The Network

James Smith approaching the police station in Balikesir where all refugees must register every two weeks.

When Abu Nashmi and his wife stepped off the bus in Balikesir for the first time, they didn’t know anyone. They didn’t know the language, and they didn’t know where to go. Three years later, Nashmi’s phone vibrates; a new family has arrived in the Turkish city and they are in the same position he was.

But this new family has another resource available: a network of thousands of refugees who were once in their shoes. After struggling to navigate his way to a new home and work, Nashmi took to social media to build a network for refugees in the city, creating the Facebook group, Arab of Balikesir.

Satellite cities like Balikesir, a provincial capital dominated by its manufacturing industry, offer refugees a safe place to live and the chance to send their children to school, but no way to make ends meet. There are few opportunities to work legally and many landlords won’t lease to refugees, because they’ve gained a reputation for not paying rent, says Nashmi.

Most of the asylum seekers with jobs work in the informal economy, meaning long hours for little pay. Iraqis and other refugees in Balikesir struggle to put food on the table, coal in the heater, and school books in their children’s hands. The only support they have is each other.

“When I came here in 2015, all the refugees hated each other… No one helped anyone else,” says Nashmi. “I like to help people so I started the group.”

Arab of Balikesir now has more than 3,900 members and sees up to 20 posts per day for help. People in need send out requests, and those who have extra respond with what they can provide — sofas, beds, mattresses, TVs, ovens — and Nashmi gets it from one to the other.

Nashmi might not be a cop anymore, but you wouldn’t know it to look at him. He is almost always emotionless, further accentuated by a buzz cut, tinted aviators and black leather jacket. Nashmi had reached the rank of captain in the Iraqi police force when ISIS overran his city. He says he started supplying intelligence to government forces, but had to flee when ISIS caught wind of it, earning him a bounty on his head.

The refugees in Balikesir are a mix of Christian, Sunni and Shia faiths. Fearing there may be ISIS sympathizers among them, Nashmi keeps his true identity hidden. His public online name is actually “James Smith,” but his work in Arab of Balikesir, where all are welcome, regardless of religion, has earned him the name Abu Nashmi, or “the one who cares” in Arabic.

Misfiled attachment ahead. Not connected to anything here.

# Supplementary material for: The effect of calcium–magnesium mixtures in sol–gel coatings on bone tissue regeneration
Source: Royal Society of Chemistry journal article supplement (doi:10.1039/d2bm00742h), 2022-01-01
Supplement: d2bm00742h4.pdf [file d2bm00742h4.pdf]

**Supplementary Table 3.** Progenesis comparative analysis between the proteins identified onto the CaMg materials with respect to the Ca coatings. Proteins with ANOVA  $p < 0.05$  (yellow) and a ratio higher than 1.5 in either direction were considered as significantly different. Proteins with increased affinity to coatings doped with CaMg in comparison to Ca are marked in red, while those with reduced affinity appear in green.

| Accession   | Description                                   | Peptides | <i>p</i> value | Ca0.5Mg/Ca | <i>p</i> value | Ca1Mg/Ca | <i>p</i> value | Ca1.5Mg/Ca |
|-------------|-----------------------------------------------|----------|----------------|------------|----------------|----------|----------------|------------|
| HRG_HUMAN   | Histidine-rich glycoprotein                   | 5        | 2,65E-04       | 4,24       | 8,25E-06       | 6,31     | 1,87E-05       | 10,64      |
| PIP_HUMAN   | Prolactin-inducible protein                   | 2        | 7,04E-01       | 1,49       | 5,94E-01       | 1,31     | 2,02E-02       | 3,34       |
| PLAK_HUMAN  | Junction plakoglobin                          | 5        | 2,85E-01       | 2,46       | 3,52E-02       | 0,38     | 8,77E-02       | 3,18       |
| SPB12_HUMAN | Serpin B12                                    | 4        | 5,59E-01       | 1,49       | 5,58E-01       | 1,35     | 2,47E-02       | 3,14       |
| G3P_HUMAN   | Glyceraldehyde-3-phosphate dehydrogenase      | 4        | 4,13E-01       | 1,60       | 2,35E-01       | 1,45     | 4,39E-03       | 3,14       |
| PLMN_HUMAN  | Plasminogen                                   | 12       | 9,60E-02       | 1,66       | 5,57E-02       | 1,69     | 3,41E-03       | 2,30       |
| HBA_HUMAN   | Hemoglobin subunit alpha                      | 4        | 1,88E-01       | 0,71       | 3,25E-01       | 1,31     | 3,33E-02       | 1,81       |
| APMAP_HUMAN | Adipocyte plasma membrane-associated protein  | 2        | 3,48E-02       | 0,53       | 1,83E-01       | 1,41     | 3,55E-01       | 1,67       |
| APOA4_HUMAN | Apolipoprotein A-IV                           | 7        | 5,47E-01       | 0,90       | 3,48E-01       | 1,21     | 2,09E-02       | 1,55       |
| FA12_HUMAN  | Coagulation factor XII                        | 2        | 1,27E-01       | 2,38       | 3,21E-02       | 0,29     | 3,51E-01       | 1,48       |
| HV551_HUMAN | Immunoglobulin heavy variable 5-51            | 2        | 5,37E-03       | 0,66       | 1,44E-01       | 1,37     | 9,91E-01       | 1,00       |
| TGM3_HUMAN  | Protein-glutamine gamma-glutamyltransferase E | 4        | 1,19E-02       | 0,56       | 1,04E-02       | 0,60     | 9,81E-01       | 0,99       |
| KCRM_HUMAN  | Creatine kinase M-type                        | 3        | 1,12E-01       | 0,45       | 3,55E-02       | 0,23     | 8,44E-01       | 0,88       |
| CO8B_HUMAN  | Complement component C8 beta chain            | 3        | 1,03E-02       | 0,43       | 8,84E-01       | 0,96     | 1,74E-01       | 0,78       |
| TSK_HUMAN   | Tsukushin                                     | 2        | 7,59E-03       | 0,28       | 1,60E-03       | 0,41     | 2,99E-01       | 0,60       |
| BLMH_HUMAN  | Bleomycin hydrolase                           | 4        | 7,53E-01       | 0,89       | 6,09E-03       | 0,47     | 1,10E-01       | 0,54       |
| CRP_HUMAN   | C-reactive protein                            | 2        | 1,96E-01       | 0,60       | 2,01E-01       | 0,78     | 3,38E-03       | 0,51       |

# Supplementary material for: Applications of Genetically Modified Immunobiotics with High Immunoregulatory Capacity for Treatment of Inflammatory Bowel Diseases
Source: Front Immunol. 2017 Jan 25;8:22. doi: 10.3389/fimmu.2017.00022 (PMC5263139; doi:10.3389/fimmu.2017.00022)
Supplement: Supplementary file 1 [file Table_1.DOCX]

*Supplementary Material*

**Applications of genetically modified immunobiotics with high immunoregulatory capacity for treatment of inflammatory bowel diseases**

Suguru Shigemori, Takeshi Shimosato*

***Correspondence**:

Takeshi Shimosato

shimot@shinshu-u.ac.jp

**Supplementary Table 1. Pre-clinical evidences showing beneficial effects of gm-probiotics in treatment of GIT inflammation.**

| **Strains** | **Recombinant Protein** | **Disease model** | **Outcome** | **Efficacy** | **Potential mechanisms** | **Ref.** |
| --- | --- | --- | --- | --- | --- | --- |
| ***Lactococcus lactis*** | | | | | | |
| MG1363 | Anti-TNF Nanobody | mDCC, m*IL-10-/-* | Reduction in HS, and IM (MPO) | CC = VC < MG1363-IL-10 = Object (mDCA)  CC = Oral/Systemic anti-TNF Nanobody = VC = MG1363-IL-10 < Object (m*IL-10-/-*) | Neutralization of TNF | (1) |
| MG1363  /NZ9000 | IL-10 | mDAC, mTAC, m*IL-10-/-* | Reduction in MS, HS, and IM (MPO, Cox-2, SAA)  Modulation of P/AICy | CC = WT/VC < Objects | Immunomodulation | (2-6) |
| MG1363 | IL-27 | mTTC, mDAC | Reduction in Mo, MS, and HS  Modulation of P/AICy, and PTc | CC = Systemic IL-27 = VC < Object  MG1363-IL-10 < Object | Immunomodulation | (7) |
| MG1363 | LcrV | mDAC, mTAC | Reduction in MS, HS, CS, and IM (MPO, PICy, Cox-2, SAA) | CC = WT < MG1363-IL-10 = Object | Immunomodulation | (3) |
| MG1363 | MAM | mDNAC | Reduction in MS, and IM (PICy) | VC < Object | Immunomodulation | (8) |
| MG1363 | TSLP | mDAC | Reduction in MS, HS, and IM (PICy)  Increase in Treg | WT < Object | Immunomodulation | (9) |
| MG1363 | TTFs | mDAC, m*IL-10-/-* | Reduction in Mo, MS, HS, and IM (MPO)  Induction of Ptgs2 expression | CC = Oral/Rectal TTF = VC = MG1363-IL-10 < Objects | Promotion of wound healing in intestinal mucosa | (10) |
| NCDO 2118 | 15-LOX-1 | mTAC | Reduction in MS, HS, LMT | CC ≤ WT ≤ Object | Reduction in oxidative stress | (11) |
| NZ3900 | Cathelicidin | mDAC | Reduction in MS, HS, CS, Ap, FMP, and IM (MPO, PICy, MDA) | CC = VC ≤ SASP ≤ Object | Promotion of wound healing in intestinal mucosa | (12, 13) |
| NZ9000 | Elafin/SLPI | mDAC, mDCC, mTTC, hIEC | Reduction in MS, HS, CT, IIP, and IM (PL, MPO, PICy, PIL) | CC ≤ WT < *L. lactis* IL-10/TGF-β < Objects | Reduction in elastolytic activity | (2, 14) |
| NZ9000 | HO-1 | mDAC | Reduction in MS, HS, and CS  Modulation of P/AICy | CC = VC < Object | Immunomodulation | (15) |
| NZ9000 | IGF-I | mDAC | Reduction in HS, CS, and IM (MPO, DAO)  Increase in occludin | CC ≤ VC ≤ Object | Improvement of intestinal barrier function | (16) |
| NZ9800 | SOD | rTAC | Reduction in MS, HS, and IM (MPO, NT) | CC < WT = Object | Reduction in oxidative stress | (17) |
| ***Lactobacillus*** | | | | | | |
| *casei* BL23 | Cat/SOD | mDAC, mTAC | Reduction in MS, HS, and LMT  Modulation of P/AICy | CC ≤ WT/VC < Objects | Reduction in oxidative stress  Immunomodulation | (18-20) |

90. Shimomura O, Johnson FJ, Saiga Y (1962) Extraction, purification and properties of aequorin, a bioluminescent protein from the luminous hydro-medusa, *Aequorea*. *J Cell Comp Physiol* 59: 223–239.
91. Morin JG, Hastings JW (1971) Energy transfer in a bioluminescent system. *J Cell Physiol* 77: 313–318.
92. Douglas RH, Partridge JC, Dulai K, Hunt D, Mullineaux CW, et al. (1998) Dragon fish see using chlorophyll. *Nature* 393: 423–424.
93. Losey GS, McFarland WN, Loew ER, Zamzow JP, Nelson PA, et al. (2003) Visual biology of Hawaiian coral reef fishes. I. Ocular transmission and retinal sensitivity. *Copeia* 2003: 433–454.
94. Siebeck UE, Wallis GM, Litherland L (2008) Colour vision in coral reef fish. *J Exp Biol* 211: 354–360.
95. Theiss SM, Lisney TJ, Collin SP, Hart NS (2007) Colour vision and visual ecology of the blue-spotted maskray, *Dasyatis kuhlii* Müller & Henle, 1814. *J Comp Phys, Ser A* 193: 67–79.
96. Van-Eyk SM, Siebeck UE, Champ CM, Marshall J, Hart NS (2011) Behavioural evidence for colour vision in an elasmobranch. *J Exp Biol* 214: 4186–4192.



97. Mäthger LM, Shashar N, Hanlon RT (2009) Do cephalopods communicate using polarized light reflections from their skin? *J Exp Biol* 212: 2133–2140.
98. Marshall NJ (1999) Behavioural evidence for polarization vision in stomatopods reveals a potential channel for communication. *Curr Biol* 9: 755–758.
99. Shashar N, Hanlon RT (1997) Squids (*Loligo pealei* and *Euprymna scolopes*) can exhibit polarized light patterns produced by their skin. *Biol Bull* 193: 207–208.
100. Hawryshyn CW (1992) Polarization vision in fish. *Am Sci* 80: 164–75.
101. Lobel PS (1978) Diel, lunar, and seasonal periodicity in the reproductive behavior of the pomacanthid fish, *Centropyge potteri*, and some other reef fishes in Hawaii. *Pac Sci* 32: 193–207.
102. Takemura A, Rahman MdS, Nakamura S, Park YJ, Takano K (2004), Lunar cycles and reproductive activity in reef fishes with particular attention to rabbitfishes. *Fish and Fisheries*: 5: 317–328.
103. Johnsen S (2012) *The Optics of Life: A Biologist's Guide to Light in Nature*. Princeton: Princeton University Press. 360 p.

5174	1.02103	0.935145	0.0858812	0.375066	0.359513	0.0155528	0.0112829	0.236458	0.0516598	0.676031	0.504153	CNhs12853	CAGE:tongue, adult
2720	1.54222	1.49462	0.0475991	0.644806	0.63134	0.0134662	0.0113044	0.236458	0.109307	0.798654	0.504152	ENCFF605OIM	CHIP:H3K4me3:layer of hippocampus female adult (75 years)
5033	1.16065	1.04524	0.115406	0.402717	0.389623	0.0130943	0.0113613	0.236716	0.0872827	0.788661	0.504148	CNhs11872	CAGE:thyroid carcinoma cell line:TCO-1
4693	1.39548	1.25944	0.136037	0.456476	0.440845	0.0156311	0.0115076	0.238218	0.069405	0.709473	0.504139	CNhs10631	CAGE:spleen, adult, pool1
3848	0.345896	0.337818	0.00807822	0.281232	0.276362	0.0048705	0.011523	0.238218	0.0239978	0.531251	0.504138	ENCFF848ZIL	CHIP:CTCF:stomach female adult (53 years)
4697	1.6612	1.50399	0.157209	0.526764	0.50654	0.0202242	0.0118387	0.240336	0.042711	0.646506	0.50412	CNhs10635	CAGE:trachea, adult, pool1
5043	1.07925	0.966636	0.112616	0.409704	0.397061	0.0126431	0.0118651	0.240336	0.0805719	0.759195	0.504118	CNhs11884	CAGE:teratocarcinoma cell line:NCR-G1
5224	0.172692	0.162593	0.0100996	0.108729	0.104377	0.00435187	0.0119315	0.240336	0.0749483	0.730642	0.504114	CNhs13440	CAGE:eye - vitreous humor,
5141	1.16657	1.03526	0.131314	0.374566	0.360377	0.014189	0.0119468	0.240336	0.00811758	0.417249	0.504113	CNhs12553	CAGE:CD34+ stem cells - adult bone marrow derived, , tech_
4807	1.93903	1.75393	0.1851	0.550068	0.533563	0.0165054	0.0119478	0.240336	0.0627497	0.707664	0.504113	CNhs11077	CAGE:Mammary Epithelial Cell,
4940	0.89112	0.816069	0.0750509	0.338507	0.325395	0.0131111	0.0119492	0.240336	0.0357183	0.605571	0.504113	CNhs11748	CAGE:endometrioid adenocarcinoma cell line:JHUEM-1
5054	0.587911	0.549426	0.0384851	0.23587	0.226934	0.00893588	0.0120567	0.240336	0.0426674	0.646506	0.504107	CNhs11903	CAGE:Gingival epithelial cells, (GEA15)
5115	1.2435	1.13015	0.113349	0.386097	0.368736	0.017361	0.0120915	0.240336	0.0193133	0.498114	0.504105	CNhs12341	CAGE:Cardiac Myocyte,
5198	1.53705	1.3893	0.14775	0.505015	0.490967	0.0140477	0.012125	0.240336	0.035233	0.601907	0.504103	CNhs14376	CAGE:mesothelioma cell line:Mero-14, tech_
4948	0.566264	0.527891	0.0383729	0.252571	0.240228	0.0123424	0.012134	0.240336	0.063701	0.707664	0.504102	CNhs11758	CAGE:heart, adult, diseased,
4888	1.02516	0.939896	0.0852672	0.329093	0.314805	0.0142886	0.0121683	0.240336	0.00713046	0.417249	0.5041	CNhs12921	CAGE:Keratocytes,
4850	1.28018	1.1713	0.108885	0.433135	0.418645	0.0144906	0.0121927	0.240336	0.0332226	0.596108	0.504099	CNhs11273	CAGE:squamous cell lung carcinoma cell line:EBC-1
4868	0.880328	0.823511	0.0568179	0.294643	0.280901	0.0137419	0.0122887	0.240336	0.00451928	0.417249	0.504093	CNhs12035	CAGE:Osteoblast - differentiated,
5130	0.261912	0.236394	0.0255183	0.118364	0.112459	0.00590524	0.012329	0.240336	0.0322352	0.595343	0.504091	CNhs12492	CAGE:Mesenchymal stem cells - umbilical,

“I found that social media was the greatest way to help others. It’s free, it’s simple and you connect as many people as you can,” he says. The inspiration came from another Refugee Buddy Network, an international Facebook group that connects Western volunteers to refugees and asylum seekers across the world, many of whom are stuck in Turkey. That group has over 35,000 members, including human rights lawyers and aid workers, who respond to posts by refugees needing help. Support can range from legal to emotional, where refugees are sometimes assigned a “buddy.”

“Sometimes all they need is someone to talk to, to know someone in the world cares,” says Serena Matter, a Canadian aid volunteer on Refugee Buddy Network. She has adopted a few buddies, fundraising and staying in regular contact with them as they navigate the refugee world.

Nashmi works as an admin of the group, translating posts, sussing out whether the refugee’s plea for help is valid, and assisting other volunteers with their “buddies.” His work on the group caught Matter’s attention. She’s a self-employed writer and digital marketer who dedicates her research skills to helping refugees in her spare time. Nashmi gave her a hand with her cases, providing the perspective only a cop-turned-refugee could. So when Matter had the opportunity to privately sponsor a refugee to Canada, she knew exactly who she wanted to bring.